A plan to preserve Uttarakhand’s ecosystem

A plan to preserve Uttarakhand’s ecosystem

The Char Dham Yatra began this weekend with the opening of the portals of the Gangotri and Yamunotri temples in Uttarakhand. Over the next few weeks, hundreds of thousands of people will pass through small towns and mountain villages in the hill state, recharging the local economy but also exerting tremendous pressure on an already fragile ecosystem. The pilgrimage of four of the holiest sites of Hinduism — Gangotri, Yamunotri, Kedarnath, Badrinath — also came days after the government rolled back a measure to cap the number of daily pilgrims, after earlier opening registration both online and offline. A record 4.6 million people visited the state during the yatra last year, and the number is expected to swell this year.

The pilgrimage is of four of the holiest sites of Hinduism: Gangotri, Yamunotri, Kedarnath, Badrinath.

The pilgrimage commenced this year against the backdrop of the still unfolding tragedy in Joshimath, where residents reported new cracks in some houses last week and where many people displaced by the tragedy earlier this year — when deep fissures appeared on the ground and in some buildings, rendering them unsafe and forcing the authorities to demolish some structures — are still staying in relief camps. Many say they are yet to receive full compensation or a residence to relocate to. The government, therefore, must exercise caution and take measures to ensure that haphazard temporary construction or too many vehicles on still unstable hill slopes are not allowed. The fact that the hills are holy and precious to so many people is a strong reason why they need to be protected and preserved.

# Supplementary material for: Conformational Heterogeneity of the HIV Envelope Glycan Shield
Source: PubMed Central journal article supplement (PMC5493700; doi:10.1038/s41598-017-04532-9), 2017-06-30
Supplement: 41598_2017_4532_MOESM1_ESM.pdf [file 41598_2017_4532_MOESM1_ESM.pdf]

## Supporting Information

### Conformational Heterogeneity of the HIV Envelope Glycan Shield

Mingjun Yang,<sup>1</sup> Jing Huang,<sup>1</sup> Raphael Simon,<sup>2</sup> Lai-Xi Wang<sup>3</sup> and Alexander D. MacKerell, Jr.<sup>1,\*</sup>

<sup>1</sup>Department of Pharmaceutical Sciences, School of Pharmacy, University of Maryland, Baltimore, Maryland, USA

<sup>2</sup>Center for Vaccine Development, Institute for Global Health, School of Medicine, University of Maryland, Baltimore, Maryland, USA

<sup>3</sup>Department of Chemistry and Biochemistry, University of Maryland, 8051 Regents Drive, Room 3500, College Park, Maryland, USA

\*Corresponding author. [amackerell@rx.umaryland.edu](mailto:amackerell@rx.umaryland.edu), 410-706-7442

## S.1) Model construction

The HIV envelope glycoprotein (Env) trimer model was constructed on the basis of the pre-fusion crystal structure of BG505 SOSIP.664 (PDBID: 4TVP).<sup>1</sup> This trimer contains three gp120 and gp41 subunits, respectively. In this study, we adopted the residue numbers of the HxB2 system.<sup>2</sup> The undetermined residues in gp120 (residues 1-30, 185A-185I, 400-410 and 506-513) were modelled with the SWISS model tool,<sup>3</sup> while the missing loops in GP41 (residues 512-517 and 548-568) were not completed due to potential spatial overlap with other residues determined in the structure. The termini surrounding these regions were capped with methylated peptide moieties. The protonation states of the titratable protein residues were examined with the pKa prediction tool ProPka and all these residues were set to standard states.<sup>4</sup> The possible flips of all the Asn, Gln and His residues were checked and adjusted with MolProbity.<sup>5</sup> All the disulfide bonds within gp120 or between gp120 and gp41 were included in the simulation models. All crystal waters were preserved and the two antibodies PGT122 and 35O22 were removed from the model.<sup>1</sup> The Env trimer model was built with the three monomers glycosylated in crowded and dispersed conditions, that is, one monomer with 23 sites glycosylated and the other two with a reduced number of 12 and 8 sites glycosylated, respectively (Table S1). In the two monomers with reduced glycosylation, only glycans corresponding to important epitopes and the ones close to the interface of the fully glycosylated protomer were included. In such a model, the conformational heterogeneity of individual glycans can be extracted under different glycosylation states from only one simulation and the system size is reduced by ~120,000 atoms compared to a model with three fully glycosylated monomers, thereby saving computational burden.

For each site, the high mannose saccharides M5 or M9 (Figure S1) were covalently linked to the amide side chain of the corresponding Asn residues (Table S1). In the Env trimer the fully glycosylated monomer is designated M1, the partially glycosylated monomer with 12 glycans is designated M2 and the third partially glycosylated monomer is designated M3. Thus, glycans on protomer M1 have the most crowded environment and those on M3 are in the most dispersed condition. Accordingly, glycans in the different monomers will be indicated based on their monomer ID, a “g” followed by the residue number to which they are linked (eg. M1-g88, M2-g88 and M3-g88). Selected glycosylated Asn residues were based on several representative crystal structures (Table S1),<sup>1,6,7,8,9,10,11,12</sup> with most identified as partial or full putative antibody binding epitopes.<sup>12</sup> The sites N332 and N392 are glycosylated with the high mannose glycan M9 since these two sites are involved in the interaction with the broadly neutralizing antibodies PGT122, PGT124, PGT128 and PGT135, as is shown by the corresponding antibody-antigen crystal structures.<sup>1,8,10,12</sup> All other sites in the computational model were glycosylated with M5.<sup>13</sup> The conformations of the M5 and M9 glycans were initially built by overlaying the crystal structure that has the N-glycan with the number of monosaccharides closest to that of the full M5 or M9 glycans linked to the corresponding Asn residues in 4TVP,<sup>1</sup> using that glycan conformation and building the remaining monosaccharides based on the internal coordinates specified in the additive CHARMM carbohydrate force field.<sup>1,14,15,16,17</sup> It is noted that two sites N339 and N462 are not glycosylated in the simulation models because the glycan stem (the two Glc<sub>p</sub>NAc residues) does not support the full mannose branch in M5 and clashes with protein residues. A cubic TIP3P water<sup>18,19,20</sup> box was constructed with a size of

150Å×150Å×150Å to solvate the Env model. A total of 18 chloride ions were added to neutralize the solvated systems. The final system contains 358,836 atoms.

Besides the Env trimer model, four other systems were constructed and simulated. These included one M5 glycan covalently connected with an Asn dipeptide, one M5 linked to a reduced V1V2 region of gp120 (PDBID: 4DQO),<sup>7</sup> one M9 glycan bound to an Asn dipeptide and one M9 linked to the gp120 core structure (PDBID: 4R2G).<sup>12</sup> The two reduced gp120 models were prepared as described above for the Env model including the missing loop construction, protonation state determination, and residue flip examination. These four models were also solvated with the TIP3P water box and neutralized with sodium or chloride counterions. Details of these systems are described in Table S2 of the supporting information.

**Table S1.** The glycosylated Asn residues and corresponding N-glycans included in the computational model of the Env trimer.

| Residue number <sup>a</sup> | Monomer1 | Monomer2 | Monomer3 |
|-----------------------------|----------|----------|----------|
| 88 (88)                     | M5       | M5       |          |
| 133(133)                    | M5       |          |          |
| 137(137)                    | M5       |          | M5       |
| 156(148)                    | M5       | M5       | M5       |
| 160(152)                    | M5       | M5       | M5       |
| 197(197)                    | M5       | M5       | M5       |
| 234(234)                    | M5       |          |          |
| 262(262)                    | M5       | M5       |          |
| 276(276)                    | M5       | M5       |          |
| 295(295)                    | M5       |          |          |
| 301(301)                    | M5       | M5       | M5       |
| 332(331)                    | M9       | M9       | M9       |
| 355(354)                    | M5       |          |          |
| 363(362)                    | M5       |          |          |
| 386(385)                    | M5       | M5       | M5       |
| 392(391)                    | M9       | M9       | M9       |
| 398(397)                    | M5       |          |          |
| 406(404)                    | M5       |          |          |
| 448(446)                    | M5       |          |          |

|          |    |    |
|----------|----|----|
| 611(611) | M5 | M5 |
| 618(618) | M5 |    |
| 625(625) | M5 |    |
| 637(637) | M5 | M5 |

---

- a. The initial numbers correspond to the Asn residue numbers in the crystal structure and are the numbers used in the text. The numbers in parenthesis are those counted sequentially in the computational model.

The government may want to consider drafting a longer term plan that respects the hallowed stature of the shrines and creates a road map for the sustenance of the ecosystem that cradles them.

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